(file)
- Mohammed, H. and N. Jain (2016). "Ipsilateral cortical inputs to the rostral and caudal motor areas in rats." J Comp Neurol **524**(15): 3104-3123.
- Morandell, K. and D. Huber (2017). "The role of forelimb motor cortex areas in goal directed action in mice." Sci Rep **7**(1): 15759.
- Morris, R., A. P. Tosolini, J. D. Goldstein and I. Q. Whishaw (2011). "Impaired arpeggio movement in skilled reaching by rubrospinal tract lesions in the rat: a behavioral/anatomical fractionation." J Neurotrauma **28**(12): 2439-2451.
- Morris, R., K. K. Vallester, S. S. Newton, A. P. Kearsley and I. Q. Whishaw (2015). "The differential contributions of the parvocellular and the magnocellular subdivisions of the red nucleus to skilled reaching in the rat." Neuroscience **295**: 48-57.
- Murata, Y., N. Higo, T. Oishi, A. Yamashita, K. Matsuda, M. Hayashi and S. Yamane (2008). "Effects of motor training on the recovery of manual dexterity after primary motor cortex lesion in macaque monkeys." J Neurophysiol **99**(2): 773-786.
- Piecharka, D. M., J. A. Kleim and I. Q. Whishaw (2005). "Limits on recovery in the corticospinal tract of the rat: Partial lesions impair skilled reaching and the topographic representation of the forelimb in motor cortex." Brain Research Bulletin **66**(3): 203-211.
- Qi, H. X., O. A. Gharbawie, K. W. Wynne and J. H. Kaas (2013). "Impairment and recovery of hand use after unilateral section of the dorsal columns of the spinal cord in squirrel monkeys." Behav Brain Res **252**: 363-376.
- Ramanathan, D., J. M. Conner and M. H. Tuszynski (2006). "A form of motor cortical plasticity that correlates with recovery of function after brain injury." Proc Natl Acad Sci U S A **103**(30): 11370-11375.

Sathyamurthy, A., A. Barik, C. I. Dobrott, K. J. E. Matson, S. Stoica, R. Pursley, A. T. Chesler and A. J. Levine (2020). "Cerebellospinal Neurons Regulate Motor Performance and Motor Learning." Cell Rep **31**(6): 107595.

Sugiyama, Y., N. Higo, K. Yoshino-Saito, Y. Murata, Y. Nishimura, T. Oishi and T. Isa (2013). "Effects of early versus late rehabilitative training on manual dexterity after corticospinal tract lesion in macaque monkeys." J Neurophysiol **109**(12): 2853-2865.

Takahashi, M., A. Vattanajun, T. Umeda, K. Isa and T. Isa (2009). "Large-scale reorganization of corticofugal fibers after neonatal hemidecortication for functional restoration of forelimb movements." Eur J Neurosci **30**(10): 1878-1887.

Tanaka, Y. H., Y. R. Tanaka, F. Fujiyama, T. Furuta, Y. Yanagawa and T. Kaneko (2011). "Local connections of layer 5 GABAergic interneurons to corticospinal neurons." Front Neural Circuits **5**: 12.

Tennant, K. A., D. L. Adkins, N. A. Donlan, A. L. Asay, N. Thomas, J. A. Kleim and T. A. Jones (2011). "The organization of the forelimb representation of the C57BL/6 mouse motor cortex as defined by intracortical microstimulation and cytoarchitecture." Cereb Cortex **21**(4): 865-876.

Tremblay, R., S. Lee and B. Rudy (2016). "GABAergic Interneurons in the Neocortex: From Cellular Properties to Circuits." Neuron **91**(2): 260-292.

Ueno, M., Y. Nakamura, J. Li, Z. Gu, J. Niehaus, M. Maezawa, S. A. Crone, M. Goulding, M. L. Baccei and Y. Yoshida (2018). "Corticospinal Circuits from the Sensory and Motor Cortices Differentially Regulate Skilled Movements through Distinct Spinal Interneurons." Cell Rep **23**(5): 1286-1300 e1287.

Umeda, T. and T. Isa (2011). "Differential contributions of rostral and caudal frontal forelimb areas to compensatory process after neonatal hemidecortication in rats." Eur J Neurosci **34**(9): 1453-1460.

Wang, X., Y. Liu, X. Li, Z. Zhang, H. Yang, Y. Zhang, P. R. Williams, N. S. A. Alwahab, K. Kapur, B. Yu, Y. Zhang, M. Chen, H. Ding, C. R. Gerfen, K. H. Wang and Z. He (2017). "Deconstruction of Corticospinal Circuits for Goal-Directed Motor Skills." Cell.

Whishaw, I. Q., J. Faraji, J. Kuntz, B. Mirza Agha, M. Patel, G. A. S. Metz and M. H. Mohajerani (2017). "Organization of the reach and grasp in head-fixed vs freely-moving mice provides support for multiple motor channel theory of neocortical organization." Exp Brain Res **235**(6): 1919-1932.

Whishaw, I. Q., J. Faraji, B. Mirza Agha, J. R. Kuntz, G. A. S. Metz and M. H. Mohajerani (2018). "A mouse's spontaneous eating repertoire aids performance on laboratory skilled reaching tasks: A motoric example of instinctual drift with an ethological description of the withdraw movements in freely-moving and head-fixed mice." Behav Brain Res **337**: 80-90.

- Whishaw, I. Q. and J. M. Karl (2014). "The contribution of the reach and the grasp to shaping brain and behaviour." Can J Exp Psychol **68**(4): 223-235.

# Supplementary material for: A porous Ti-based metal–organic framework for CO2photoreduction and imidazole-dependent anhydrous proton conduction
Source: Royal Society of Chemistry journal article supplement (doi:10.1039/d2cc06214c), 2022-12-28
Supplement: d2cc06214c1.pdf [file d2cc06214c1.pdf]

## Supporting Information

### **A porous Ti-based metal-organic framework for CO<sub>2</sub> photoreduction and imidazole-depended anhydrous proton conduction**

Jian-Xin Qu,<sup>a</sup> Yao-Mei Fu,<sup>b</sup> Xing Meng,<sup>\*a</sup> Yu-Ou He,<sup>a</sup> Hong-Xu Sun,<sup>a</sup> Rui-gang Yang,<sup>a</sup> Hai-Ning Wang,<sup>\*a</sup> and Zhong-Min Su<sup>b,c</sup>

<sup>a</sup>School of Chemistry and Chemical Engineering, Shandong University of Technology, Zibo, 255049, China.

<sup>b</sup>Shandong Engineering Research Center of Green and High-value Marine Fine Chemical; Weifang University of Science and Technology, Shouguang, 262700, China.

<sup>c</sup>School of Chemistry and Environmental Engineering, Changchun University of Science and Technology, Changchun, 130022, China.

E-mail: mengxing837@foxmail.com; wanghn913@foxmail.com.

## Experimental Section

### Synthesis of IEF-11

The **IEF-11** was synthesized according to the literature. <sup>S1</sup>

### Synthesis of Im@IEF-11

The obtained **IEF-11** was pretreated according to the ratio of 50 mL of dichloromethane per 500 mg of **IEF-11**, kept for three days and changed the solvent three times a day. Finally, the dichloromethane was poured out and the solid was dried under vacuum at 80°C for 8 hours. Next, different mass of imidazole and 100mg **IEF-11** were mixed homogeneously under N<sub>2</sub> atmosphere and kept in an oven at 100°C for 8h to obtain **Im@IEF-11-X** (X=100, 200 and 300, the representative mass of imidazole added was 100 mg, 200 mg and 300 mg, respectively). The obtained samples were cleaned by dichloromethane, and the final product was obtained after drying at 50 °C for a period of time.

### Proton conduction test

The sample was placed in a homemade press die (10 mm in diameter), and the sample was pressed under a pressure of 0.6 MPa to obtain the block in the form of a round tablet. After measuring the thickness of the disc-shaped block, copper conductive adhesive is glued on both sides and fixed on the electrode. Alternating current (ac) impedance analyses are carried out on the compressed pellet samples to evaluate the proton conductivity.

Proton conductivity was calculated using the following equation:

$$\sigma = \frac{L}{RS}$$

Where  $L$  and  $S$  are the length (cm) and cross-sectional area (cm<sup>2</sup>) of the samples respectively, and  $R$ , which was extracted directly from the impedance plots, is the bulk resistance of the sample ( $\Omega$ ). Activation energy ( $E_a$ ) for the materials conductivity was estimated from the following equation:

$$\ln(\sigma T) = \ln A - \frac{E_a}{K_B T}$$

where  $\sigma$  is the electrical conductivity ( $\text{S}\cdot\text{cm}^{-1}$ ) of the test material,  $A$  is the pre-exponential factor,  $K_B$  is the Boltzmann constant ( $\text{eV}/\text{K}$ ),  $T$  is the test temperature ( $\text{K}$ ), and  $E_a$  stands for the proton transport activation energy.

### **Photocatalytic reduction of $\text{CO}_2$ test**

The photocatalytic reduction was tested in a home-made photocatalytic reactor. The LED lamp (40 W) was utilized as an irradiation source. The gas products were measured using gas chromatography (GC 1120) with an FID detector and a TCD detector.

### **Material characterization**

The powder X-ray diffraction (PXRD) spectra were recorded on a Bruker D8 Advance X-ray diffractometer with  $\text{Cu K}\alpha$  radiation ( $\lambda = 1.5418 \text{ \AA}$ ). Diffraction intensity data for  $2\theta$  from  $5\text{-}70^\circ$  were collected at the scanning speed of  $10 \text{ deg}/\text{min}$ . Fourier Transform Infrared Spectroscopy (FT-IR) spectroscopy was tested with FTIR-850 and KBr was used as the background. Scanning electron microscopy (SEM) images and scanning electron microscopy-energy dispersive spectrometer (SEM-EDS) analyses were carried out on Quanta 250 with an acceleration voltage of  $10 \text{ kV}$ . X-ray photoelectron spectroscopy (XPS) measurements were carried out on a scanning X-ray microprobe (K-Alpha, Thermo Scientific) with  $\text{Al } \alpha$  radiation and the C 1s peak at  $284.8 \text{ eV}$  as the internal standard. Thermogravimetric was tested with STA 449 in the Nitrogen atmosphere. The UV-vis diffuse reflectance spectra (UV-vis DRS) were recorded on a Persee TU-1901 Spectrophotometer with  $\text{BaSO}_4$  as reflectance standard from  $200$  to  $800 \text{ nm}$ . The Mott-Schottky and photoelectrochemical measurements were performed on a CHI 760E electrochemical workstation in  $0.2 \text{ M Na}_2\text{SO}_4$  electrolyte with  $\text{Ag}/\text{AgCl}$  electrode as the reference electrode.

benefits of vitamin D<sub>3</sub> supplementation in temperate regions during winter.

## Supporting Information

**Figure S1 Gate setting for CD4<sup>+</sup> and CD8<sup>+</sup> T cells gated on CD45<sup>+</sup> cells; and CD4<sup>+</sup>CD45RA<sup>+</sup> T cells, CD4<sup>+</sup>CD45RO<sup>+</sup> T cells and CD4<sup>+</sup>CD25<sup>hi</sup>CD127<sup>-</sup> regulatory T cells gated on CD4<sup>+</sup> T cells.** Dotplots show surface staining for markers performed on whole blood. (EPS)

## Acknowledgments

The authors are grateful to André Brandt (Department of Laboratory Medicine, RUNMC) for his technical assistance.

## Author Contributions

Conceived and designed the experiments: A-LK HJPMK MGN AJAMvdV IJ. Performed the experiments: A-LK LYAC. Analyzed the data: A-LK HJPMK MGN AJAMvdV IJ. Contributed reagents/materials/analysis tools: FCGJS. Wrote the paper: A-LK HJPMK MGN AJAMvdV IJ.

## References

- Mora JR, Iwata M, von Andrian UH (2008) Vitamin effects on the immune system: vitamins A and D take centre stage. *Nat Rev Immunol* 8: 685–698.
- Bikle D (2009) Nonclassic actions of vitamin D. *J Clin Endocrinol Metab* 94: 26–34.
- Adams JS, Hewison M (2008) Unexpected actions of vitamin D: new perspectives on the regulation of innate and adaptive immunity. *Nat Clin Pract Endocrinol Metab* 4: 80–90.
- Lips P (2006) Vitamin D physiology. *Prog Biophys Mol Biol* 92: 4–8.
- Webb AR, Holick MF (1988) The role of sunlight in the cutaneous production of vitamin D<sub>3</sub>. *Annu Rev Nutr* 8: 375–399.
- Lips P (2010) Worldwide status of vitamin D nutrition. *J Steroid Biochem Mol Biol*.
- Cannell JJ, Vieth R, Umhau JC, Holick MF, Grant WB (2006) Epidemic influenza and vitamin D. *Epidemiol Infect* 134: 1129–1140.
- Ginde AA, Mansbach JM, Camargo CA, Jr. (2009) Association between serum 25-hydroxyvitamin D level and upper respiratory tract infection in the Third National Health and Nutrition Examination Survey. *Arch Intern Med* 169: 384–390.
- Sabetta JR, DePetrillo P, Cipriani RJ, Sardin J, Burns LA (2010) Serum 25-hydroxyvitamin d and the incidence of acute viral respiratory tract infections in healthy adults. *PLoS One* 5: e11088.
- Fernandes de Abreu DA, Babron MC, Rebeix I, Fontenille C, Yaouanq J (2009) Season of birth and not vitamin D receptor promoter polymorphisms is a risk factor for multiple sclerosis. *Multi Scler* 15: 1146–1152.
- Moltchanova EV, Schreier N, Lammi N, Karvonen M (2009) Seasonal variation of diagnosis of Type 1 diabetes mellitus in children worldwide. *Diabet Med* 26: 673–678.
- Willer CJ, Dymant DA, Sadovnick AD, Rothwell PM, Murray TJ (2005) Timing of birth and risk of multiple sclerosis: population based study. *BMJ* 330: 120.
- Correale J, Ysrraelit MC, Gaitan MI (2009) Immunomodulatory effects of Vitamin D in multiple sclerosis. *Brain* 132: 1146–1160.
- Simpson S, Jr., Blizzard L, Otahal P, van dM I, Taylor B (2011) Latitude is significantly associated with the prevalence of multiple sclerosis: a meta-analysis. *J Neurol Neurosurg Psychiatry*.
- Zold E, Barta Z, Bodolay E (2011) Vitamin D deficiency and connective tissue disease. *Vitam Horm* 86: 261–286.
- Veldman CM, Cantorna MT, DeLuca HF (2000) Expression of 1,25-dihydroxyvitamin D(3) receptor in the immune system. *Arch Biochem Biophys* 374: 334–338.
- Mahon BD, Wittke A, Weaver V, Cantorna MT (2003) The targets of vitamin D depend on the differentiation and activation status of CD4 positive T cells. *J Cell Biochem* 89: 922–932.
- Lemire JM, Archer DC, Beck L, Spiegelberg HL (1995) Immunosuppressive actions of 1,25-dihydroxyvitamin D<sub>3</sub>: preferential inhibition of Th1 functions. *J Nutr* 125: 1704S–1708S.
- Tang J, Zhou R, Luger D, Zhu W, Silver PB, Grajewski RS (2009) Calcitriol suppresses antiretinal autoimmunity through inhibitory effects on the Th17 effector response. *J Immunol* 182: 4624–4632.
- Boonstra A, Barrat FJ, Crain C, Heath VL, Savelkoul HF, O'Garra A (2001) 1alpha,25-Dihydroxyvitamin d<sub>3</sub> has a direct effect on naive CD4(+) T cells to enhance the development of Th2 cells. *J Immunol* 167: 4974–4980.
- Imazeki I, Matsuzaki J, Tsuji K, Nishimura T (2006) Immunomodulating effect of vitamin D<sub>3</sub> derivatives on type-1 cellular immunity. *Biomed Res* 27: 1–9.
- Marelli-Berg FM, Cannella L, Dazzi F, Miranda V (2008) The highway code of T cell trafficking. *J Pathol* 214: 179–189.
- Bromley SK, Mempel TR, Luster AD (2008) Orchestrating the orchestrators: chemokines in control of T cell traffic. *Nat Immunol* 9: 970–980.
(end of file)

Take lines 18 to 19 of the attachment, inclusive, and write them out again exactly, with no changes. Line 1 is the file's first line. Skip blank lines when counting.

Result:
Whishaw, I. Q., J. Faraji, J. Kuntz, B. Mirza Agha, M. Patel, G. A. S. Metz and M. H. Mohajerani (2017). "Organization of the reach and grasp in head-fixed vs freely-moving mice provides support for multiple motor channel theory of neocortical organization." Exp Brain Res **235**(6): 1919-1932.

Whishaw, I. Q., J. Faraji, B. Mirza Agha, J. R. Kuntz, G. A. S. Metz and M. H. Mohajerani (2018). "A mouse's spontaneous eating repertoire aids performance on laboratory skilled reaching tasks: A motoric example of instinctual drift with an ethological description of the withdraw movements in freely-moving and head-fixed mice." Behav Brain Res **337**: 80-90.